US Papers Fri: Conflicting Arrest Explanations
FBI Overtime Pay for Baghdad Cocktail Parties, Shoe Thrower Asks for Pardon?
Interior Ministry Detentions
Campbell Robertson and Tariq Maher of the New York Times broke the story yesterday, and continue today, writing that the wave of arrests “appeared to be a major internal crackdown inside the nation’s security apparatus.” In an atmosphere of secrecy and political rivalry, they said, officials confirmed few facts, and disagreed on others, from the number detained to the seriousness of the allegations.
Maj. Gen. Abdul-Karim Khalaf, Interior Ministry spokesman, told reporters on Thursday that 23 officials from the Interior Ministry had been arrested in recent days, many for being affiliated with Al Awda, which is connected to the now-banned Baath Party.
In a possible indication of the breadth of the investigation, the Interior Ministry said that the investigation involved not only the ministry itself, as had been reported, but also the Defense and National Security Ministries. Others said that the investigation was not over and that more arrests could be expected. Lieutenants, captains, majors, lieutenant colonels and generals were on a leaked list of those arrested.An uproar appears to be growing among members of parliament. “This is not the first time and it will be not the last one that the Iraqi government carried out such an operation without the knowledge of the Council of Representatives, which is a legislative and monitoring entity on the government’s activities,” said Waleed Sherka, a member the security and defense committee. “We certainly didn’t know about it.”
But General Khalaf sought to discredit the most serious of the allegations made earlier by Iraqi officials, saying there was no evidence that the suspects were in the early stages of planning a coup against Prime Minister Nuri Kamal al-Maliki. The conflicting accounts of the operation prompted an urgent question from Mr. Maliki’s critics: Were the arrests politically motivated, carried out as a way for Mr. Maliki to weaken his rivals before the nationwide provincial elections planned for next month?
The Washington Post’s Sudarsan Raghavan and Qais Mizher give a slightly better overall view of this complex and multi-mired story, and one where the big picture is easier to grasp(though still, straws are really all that's available). A few of the quotes they include are as following.
Maj. Gen. Hussein Ali Kamal, deputy interior minister for intelligence affairs, said in an interview that those arrested had no links to the Baath Party and described media reports about such links as "propaganda" and "entirely baseless."Other News From Baghdad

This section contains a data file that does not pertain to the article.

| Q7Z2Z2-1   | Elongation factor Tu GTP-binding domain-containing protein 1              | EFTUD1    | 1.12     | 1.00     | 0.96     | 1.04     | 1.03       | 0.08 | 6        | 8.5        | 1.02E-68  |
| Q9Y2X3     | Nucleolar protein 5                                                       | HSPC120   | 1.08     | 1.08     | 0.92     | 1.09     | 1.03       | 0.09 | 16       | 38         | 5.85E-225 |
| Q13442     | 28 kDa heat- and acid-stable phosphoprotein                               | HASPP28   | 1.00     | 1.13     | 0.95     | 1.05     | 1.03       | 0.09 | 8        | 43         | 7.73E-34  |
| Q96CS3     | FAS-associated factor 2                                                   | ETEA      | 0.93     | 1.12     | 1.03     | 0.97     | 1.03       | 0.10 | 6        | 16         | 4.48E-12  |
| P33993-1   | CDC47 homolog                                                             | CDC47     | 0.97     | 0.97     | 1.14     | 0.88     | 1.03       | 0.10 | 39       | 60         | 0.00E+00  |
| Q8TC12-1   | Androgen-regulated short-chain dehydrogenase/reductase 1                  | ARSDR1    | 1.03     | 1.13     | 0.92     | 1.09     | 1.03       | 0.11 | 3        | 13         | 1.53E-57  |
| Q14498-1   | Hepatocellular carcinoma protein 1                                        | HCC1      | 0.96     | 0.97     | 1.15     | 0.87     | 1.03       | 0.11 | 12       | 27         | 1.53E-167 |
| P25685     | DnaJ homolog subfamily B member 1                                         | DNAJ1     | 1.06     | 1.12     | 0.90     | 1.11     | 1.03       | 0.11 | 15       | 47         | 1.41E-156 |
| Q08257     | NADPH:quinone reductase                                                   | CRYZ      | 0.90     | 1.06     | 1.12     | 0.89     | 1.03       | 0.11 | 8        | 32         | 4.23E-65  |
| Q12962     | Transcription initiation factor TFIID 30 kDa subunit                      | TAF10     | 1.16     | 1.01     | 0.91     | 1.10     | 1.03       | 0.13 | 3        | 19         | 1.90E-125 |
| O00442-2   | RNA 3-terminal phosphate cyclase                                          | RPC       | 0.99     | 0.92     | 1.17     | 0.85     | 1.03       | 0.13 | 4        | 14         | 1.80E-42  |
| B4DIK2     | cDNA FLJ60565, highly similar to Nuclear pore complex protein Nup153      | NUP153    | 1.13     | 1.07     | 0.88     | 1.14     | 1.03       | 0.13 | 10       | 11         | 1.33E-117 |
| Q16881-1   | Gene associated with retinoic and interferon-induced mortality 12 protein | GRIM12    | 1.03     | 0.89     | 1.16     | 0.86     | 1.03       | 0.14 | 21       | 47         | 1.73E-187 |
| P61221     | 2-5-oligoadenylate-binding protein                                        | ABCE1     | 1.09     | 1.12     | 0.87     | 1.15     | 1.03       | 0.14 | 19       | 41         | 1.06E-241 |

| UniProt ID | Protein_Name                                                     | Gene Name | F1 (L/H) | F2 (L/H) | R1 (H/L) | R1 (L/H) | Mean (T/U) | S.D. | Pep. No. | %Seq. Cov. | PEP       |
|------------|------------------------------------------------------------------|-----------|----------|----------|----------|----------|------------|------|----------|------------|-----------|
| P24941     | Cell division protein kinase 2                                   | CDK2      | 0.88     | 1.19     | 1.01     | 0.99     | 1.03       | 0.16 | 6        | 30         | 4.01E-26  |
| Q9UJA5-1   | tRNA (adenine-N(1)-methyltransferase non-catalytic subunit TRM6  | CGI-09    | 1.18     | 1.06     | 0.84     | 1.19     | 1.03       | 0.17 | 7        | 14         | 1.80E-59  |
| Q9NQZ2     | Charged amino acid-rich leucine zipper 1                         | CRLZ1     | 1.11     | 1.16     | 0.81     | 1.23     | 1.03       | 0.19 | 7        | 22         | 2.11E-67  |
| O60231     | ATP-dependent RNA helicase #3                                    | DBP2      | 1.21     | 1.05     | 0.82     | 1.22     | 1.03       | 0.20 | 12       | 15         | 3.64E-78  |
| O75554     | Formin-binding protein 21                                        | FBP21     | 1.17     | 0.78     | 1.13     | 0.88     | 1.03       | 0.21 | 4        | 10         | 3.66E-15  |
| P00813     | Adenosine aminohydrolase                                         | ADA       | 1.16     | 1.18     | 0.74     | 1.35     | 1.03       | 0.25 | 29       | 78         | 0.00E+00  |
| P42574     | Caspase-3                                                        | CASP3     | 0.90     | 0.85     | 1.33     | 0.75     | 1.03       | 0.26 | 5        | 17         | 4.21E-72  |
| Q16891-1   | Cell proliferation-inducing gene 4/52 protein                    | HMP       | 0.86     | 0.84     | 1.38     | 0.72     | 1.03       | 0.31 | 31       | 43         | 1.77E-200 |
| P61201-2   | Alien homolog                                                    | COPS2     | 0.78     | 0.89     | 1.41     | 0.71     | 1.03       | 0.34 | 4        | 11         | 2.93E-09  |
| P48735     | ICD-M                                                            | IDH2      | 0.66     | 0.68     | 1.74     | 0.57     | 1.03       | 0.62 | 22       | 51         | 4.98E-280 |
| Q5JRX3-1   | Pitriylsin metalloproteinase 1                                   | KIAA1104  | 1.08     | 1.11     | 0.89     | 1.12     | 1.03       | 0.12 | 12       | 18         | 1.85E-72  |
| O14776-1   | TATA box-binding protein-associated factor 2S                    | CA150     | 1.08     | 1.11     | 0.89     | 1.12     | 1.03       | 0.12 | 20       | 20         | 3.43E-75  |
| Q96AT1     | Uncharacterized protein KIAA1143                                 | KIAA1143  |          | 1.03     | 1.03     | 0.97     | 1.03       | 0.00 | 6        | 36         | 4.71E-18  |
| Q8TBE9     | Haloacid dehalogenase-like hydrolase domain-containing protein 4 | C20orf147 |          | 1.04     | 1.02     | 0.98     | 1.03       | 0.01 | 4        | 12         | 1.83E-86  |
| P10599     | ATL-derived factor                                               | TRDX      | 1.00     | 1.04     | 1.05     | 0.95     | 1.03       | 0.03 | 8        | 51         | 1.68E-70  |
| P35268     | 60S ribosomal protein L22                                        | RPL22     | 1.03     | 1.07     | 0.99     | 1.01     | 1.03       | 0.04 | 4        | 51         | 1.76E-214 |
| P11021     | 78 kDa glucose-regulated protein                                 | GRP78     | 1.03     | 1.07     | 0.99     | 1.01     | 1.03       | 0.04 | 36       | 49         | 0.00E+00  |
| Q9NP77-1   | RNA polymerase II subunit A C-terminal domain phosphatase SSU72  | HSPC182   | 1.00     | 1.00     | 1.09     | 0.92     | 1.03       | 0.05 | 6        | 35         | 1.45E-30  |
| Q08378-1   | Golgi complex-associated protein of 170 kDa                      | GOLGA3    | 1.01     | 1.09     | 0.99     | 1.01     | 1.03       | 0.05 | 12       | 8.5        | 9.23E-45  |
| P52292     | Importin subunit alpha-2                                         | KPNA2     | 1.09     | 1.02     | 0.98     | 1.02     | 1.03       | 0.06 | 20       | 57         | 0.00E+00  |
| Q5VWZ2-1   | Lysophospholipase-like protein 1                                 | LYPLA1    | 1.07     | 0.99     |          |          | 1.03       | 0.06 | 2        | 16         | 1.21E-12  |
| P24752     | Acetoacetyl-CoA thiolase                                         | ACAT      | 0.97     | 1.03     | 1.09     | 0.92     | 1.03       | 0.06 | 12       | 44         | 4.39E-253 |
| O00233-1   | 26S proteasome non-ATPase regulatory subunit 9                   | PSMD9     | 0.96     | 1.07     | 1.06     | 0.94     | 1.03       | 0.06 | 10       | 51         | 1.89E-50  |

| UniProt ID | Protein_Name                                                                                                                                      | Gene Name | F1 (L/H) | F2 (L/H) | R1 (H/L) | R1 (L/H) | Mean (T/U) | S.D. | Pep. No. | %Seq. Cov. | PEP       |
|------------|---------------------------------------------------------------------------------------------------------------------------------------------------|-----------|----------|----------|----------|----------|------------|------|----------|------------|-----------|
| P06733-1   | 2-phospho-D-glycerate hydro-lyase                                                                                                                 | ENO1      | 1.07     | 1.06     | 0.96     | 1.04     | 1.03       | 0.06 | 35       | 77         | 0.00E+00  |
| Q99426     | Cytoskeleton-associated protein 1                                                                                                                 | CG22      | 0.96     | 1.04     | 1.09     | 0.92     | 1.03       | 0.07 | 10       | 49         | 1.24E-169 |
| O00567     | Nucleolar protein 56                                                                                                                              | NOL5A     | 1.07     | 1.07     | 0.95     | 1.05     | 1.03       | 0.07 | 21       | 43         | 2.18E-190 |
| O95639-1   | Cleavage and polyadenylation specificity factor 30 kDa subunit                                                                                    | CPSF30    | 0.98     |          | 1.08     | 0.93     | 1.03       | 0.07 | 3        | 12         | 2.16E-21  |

"The number of officers who are being investigated is small and not worthy of mention," said Kamal, declining to provide a reason for the arrests.
"Forces under the direct control of the prime minister engaged in these arrests. This is not something normal in a democratic process," said Mithal al-Alusi, an independent Sunni lawmaker.
The New York Times’ Timothy Williams and Atheer Kakan report on the Iraqi government’s claims that Muntader al-Zaidi, the correspondent for the Al-Baghdadiya television channel who threw his shoes at President Bush during a news conference this week has apologized to the Iraqi government in a letter to the prime minister. He is said to have asked for a pardon.
The unreleased letter was said to included a reference to an interview Mr. Zaidi had conducted with Mr. Maliki three years ago during which Mr. Maliki had shown him hospitality.
“I remember in the summer of 2005, I had an interview with your excellency and you said that your house is mine,” Mr. Majid said, quoting the letter. “Now, I am asking you as a son asks a father to forgive me.”
Cutting off some of the speculation of who would end up with possession of the shoes (and how much would be paid for them), one of the lawyers representing al-Zaidi said the shoes thrown at the president “had been destroyed at a laboratory during an examination to determine whether they contained any explosives or hazardous chemicals.”
In the continued annals of the Iraq invasion as cash free-for-all, Spencer S. Hsu of the Washington Post reports that, for nearly five years, FBI leaders encouraged employees on temporary assignment in Iraq to bill an average of $45,000 in overtime and extra pay by routinely claiming to work 16 hours a day, seven days a week, even when some of that time was spent eating, exercising, watching movies or attending cocktail parties, the Justice Department inspector general reported yesterday. It was announced that 1,150 employees earned $71,000 during a typical 90-day tour -- nearly triple the typical worker's salary, adding up to at least $7.8 million to the $99 million taxpayer cost of the FBI efforts.
One employee defended the practice, saying, "When you're in that environment, anything you do to survive is work for the FBI."
In a statement, (Miller) said FBI managers early on tried to adapt normal pay practices to "unprecedented wartime assignments" for FBI personnel who were living with sniper attacks, mortar fire and roadside bombs, and employees followed a pay and overtime policy "they were told to use."David Jackson of USA Today writes a story that just fits into our category of “Iraq-related coverage”. first lady Laura Bush, while speaking about her charity work and upcoming book, spoke of the shoe-throwing incident.
The inspector general found no evidence that counterterrorism division managers consulted with the FBI general counsel's office, which the report called "inexplicable."
"As a wife, I saw this as an assault, and that's what it was," she said. "And so I didn't laugh it off like he did." Of his adeptness in ducking the shoes, she added, "Of course, he is very quick... That was one of things I saw — he's such a natural athlete."
Christian Science Monitor, Wall Street Journal, no Iraq coverage.